Paris last hosted the games in 1924.
Under the terms of the 2028 host city contract, the IOC would grant $180 million to Los Angeles for an organizing committee and to fund youth sports in the 11 years leading up to the event. The IOC also agreed to waive $50 million in fees and contribute up to $2 billion of its broadcast and sponsorship revenues to the Games, more than the $1.7 billion pledged to Paris for 2024.
"This 11-year agreement with the IOC is the ultimate validation of LA 2028's New Games for a New Era, and Los Angeles' vision for the future," said LA 2028's president, Casey Wasserman. "As a team and as a city, we could not be more excited to be entering into this long-term partnership with the Olympic and Paralympic movements, and with one of the great cities of the world, Paris. This will be an extraordinary collaboration that secures the future of the Movement for generations. Now LA 2028 has a golden opportunity, with four more years to prepare and a $2 billion contribution from the IOC, to redefine how hosting the Games can benefit host communities."
The IOC also agreed to funnel any of its profits from the Games back to the city.
The city's quest to host its third Games has been filled with twists. LA initially competed along with Boston, San Francisco and Washington, D.C., to be the United States' official bid city for the 2024 Games before losing out to Boston in 2015.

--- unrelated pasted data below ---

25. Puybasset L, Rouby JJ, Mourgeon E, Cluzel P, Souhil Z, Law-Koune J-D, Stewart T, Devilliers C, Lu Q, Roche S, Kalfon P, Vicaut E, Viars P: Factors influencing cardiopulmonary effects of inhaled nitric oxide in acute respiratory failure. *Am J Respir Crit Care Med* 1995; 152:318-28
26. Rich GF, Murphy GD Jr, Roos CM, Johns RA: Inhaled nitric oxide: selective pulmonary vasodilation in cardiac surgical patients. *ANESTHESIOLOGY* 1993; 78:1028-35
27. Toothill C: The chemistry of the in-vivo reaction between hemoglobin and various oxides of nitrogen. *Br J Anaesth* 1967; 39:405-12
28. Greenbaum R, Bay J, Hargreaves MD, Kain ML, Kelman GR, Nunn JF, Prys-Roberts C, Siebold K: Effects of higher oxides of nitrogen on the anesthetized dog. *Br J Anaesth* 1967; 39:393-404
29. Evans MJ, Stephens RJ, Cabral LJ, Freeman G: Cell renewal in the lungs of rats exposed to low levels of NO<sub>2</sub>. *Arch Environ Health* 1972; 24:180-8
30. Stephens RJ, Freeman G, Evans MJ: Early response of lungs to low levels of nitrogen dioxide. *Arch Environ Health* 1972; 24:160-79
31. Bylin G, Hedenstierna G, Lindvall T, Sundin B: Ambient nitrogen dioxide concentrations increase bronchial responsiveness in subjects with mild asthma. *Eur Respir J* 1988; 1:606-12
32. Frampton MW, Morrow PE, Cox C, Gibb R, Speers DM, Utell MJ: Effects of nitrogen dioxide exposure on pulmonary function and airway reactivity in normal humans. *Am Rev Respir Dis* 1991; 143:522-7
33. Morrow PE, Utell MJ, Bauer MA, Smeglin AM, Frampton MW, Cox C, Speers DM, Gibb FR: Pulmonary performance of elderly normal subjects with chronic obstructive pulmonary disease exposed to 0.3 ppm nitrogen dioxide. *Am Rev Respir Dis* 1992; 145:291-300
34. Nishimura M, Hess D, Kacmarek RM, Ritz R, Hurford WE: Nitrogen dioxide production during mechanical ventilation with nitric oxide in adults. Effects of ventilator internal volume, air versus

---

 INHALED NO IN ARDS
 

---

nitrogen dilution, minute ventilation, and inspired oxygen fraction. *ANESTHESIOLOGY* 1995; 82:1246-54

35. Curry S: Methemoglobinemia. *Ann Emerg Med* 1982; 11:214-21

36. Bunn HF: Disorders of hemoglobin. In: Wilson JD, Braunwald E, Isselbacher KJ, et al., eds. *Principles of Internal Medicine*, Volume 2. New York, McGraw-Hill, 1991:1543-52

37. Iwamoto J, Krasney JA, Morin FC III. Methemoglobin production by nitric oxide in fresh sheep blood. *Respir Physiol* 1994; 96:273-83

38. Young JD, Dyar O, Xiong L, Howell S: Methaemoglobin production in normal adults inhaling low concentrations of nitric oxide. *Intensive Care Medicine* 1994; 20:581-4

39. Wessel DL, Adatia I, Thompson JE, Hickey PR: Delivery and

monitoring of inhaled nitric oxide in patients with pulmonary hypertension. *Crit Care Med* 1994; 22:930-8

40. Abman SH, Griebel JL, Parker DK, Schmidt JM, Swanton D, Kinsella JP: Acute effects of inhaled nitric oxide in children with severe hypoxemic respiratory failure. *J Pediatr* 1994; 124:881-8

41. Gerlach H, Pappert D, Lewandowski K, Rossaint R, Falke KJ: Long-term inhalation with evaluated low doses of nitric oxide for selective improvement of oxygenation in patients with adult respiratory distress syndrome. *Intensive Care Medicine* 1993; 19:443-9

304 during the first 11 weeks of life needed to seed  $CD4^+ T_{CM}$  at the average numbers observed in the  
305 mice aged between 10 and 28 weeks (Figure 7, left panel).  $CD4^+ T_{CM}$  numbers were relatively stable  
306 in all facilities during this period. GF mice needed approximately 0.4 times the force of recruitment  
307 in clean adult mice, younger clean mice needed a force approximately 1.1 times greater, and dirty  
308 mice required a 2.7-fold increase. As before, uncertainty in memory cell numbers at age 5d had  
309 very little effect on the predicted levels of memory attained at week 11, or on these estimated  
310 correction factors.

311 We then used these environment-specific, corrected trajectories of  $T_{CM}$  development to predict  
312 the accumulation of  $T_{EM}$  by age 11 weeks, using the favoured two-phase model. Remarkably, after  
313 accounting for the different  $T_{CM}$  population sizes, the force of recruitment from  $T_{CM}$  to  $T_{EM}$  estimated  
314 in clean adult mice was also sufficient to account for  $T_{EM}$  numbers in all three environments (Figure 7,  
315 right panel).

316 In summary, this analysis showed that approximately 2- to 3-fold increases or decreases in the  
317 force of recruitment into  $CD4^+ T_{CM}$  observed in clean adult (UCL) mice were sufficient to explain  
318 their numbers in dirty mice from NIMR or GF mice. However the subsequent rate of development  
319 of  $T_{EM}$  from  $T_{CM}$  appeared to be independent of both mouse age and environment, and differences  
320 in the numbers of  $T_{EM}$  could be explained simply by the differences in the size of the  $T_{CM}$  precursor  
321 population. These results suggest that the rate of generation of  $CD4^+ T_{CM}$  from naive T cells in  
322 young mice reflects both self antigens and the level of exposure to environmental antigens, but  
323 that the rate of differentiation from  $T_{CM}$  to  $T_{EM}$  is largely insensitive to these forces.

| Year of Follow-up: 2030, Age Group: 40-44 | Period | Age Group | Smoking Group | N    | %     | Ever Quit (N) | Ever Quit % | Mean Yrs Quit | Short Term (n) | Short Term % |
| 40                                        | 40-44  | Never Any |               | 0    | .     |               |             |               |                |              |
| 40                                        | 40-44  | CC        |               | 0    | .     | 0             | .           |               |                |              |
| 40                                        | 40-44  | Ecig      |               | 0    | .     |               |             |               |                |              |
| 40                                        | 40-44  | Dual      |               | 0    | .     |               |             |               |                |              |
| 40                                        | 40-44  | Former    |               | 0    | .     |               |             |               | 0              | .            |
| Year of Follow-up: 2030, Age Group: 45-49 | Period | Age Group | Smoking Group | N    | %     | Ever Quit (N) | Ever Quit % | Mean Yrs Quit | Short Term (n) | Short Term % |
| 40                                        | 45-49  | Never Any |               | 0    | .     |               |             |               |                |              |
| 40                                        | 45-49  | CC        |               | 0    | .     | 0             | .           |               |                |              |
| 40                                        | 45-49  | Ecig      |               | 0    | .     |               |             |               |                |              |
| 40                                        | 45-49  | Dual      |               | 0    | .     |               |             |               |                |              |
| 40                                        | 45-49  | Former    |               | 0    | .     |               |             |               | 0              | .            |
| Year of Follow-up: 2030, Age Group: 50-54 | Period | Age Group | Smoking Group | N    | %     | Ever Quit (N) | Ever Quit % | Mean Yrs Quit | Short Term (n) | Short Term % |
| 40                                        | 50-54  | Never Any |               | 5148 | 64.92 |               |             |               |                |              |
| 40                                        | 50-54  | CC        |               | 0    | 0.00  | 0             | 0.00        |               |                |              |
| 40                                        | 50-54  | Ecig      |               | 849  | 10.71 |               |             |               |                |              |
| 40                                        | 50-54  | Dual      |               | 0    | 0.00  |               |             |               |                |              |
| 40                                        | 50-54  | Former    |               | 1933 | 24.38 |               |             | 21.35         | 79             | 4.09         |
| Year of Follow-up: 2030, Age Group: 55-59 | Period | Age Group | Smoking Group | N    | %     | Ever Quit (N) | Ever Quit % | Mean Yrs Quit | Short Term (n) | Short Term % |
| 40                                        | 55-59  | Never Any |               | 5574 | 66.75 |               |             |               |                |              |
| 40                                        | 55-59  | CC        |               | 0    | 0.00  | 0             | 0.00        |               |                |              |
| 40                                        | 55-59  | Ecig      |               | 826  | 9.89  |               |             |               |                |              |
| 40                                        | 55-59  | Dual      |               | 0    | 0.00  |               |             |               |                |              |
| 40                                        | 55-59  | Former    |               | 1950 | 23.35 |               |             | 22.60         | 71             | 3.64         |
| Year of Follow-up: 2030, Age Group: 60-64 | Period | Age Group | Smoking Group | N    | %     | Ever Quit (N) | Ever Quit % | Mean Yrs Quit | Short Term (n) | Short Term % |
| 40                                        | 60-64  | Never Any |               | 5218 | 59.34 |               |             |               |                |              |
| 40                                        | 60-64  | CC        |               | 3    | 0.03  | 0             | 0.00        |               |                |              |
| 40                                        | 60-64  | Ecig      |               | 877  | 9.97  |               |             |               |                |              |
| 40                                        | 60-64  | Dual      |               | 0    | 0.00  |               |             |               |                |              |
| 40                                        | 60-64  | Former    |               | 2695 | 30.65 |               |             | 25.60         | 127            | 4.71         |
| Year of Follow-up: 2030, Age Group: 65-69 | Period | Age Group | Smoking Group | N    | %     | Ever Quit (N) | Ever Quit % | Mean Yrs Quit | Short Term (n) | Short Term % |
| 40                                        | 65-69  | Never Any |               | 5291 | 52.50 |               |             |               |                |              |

But later in the year, Boston dropped out due to growing local opposition and LA jumped in. There have also been protests over LA's bid from members of NOlympics, a group that claims on its website "Olympics destroy communities and kill cities."
The city then entered the contest for 2024 along with Paris, Hamburg, Rome and Budapest, but one by one cities dropped out, leaving only Paris and LA.
Over the summer, the IOC announced its desire to award both the 2024 and 2028 Games at the same time, if LA and Paris agreed. The decision was influenced by the soaring cost of hosting the Olympics and the fact that fewer cities have seemed willing to assume the financial risk.